Methods

Given the focus of the PRECISE Network on placental disorders, the starting point was the CoLab ‘s COLLECT database, designed for global studies in pre-eclampsia [10]. COLLECT’s minimal and comprehensive data sets were reviewed for their appropriateness for data collection in our study sites, in terms of fields, definitions, and comprehensiveness for the purposes of the deep-phenotyping to be undertaken in PRECISE [11]. Also, we reviewed the software platform and connectivity requirements as we knew internet access to be intermittent.

In anticipation of the need for additional content and to enhance future usability, globally-recommended indicators in health management information systems for MNCH were identified and included, as component parts of key definitions (such as gestational age and blood pressure [BP] values), rather than reportable indicators that may require interpretation or judgement (such as a diagnosis of gestational hypertension) [12]. Variables were supplemented by review of the existing standardised data collection forms in each study site, for antenatal care (ANC), delivery, and ward care (antenatal or postnatal).

The content of supplementary modules was based on the holistic data needs of PRECISE (Fig. 1). These included the social determinants of health (e.g., socioeconomic status, air quality, geography, or nutrition); maternal pre-existing and infectious co-morbidities; maternal mental health; and elements of health systems’ strength (related to access, barriers, and quality of care). Standardised tools were identified whenever possible to address each of these data collection needs, based on needs-driven literature review (e.g., for maternal morbidity) and the experience of the PRECISE Network investigators.

Fig. 1
figure1

PRECISE holistic approach to pregnancy research

The collection of biological specimens is recorded on an affiliated laboratory information management system (LIMS) described elsewhere. (For details of Baobab LIMS, please see Craik et al. Reprod Health 2019, in press [13].)

Results

The PRECISE protocol specifies prospective data collection into the PRECISE database, as pregnant women are enrolled at facilities for: (i) routine ANC (i.e., ≈10,000 unselected pregnancies); or (ii) care of a placental disorder that is the focus of PRECISE (i.e., pregnancy hypertension, suspected fetal growth restriction [FGR], or intrauterine fetal death/stillbirth) if not already enrolled in PRECISE at that facility (i.e., ≈1500 women). (Additional control women of reproductive age will be enrolled when they present for contraceptive counselling or in the company of another person who is presenting for ANC or other care (i.e., ≈1800 women of reproductive age); in the Gambia, women of reproductive age will be recruited in the community.) [(For details of PRECISE Protocol, please see von Dadelszen et al. Reprod Health 2019, in press [14].) A project-specific eligibility screening has been designed to guide the study staff through the details of participant selection and data collection, documenting all information that would normally be recorded on a paper screening log, and eliminating the need for the study staff to carry paper guidance.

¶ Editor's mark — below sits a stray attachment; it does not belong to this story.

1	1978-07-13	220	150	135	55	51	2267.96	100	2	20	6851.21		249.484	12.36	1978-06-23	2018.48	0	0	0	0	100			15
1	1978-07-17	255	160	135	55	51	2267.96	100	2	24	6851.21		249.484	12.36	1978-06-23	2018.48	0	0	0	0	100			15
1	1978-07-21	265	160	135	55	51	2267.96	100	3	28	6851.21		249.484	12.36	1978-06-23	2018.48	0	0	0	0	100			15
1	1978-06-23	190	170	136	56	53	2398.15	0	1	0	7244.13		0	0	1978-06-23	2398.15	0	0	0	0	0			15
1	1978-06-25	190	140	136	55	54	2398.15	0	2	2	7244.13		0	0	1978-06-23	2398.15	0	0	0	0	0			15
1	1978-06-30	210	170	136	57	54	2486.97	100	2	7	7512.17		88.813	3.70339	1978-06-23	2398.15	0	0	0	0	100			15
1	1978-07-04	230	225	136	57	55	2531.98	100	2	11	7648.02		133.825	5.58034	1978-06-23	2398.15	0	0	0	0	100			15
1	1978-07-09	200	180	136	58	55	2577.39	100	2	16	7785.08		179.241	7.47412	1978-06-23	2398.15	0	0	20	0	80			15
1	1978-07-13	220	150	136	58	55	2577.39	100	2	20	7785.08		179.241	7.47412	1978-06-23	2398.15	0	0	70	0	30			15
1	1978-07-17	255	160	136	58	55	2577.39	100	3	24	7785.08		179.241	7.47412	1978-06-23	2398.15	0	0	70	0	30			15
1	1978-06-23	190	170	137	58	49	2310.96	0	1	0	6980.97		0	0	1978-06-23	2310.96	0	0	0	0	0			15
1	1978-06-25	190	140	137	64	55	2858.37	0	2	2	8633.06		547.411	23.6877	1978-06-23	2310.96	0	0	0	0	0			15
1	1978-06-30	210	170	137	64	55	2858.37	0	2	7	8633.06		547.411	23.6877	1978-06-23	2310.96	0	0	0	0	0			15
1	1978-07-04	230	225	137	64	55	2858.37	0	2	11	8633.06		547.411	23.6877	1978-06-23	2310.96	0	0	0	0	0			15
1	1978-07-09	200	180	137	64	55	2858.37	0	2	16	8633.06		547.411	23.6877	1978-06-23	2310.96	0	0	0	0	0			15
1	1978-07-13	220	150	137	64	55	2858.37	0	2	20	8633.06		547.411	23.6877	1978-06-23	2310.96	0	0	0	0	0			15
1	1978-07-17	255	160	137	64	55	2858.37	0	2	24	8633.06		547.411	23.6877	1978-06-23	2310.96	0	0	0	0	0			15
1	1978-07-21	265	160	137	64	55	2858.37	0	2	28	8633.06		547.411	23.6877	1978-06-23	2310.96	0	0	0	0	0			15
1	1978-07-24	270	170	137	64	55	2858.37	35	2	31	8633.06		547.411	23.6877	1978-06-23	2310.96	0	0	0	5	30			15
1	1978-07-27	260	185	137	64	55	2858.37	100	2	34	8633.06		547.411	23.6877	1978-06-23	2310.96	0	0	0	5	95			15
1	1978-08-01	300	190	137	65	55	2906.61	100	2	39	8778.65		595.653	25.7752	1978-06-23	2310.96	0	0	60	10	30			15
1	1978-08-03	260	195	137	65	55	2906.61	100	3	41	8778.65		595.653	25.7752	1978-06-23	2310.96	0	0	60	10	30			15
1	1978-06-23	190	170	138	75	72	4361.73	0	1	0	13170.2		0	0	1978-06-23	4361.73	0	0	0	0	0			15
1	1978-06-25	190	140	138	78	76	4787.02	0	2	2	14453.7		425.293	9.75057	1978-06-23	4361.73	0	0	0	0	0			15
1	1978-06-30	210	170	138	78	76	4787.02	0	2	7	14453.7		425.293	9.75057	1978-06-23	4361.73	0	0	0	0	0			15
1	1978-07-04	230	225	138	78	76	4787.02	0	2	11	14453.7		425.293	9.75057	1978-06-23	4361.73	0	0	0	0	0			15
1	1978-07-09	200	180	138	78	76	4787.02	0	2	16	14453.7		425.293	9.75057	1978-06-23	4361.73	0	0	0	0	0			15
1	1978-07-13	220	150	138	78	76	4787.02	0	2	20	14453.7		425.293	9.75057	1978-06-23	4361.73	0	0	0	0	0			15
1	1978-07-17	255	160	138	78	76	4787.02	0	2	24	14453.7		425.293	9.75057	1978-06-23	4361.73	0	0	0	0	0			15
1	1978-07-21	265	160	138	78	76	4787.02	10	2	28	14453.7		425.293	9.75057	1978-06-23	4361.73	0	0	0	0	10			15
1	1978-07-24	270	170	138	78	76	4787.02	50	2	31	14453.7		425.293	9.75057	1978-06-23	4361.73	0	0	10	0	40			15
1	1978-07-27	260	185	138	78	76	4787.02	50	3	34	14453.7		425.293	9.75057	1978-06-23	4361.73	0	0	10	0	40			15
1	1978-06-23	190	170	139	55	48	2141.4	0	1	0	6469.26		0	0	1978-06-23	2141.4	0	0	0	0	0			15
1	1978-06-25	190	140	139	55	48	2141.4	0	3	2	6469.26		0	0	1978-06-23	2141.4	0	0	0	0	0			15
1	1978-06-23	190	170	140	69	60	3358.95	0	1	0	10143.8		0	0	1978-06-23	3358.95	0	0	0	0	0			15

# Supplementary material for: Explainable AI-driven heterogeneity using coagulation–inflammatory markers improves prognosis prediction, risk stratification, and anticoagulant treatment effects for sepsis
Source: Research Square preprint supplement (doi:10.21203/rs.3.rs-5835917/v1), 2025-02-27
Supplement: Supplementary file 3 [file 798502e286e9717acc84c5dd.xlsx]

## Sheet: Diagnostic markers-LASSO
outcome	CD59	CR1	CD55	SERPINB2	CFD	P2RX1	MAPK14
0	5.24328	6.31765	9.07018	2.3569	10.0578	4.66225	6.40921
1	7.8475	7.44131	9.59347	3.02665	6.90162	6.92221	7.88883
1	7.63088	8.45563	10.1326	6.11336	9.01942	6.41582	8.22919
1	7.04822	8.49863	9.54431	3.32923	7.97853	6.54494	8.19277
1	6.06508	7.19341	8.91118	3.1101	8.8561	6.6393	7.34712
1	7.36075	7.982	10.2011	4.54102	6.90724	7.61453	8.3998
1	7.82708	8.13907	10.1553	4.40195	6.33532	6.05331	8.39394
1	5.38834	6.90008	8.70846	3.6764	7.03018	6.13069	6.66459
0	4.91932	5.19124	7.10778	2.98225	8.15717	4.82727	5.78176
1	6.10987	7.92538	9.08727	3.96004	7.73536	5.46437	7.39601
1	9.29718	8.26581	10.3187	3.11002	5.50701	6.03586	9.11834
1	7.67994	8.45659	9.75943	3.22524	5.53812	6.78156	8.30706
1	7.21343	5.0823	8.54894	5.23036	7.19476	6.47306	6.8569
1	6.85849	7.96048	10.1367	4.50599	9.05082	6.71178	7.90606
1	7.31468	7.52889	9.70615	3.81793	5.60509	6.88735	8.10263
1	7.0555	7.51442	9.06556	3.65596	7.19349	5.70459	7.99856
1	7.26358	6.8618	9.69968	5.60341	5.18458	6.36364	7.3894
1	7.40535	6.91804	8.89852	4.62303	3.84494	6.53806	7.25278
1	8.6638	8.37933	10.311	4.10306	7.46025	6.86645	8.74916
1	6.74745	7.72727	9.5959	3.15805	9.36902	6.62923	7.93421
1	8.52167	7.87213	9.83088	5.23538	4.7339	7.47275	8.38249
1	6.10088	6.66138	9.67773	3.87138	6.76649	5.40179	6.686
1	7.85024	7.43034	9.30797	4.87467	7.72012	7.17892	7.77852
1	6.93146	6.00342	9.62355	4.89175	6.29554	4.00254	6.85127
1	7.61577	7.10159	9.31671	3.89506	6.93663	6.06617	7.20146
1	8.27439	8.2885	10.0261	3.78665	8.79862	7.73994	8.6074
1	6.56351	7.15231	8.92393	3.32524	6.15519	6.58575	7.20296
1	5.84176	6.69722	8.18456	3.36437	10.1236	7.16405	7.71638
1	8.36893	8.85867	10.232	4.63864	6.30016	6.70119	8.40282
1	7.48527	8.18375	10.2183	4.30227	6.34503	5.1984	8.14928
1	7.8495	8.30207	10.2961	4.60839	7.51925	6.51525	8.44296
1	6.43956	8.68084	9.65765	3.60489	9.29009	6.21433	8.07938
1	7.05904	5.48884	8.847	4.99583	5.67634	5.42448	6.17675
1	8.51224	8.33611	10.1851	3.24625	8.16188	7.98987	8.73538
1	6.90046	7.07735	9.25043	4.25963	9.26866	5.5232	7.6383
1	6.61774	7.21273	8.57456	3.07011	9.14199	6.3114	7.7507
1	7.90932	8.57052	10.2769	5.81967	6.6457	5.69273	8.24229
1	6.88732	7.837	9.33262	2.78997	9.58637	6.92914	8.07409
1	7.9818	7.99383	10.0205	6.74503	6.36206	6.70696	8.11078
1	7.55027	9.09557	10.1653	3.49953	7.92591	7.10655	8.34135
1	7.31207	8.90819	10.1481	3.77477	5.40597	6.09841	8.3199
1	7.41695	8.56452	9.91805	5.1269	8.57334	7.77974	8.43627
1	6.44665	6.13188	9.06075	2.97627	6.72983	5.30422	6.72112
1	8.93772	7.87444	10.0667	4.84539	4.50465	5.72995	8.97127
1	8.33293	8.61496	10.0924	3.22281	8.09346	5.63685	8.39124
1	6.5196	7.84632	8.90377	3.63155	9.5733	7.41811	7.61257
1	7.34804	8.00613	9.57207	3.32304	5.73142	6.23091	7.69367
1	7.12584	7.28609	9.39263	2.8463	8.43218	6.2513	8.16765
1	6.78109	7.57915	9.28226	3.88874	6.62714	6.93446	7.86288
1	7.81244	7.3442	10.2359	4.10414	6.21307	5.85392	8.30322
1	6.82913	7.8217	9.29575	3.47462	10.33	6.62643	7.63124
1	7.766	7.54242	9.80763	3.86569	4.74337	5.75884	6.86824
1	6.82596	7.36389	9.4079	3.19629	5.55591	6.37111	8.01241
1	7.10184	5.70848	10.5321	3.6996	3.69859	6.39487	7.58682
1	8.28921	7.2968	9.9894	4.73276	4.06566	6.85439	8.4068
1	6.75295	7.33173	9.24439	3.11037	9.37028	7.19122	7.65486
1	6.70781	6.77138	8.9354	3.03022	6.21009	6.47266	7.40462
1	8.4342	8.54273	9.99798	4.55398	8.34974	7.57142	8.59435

Depending on the site, not all staff have clinical training. However, all have been trained on the content and structure of the database, housed on android tablets (as described below). The sequence of data collection follows the flow of women through the clinic care system as much as possible.

Data fields

In choosing the content of the PRECISE database, we reviewed all variables in the COLLECT ‘minimal’ or core data set and the ‘comprehensive’ version of the database. We supplemented our review with other MNCH instruments for measurement of demographics, pre-pregnancy health or obstetric history, processes of care, or outcomes.

The 923 variables in PRECISE were organised according into the following modules: (i) general visit information, including identifiers and geoinformatics variables of relevance; (ii) baseline demographics and social determinants of health; (iii) past medical and obstetric histories; (iv) nutrition, an additional social determinant of health; (v) current pregnancy details, including addiction and maternal mental health; (vi) details of assessments of pregnancy hypertension, FGR, and intrauterine fetal death (IUFD)/stillbirth; (vii) labour and delivery outcomes; (viii) maternal and newborn outcomes; and (ix) postpartum health and health care (Table 1). (Further details about the origins of each variable in each module are contained in Additional file 1, Tables S2A to S2N.)

Table 1 Content of modules

The modules have the flexibility to be be grouped according to the data collection processes for PRECISE: screening, PRECISE visit 1, PRECISE visit 2, information from other ANC visits, pregnancy outcomes (birth, maternal, and newborn), and details of presentation with placental disease (as relevant) or with laboratory results (as applicable at any visit), as shown in Table 2.

Table 2 Presentation of data collection in PRECISE database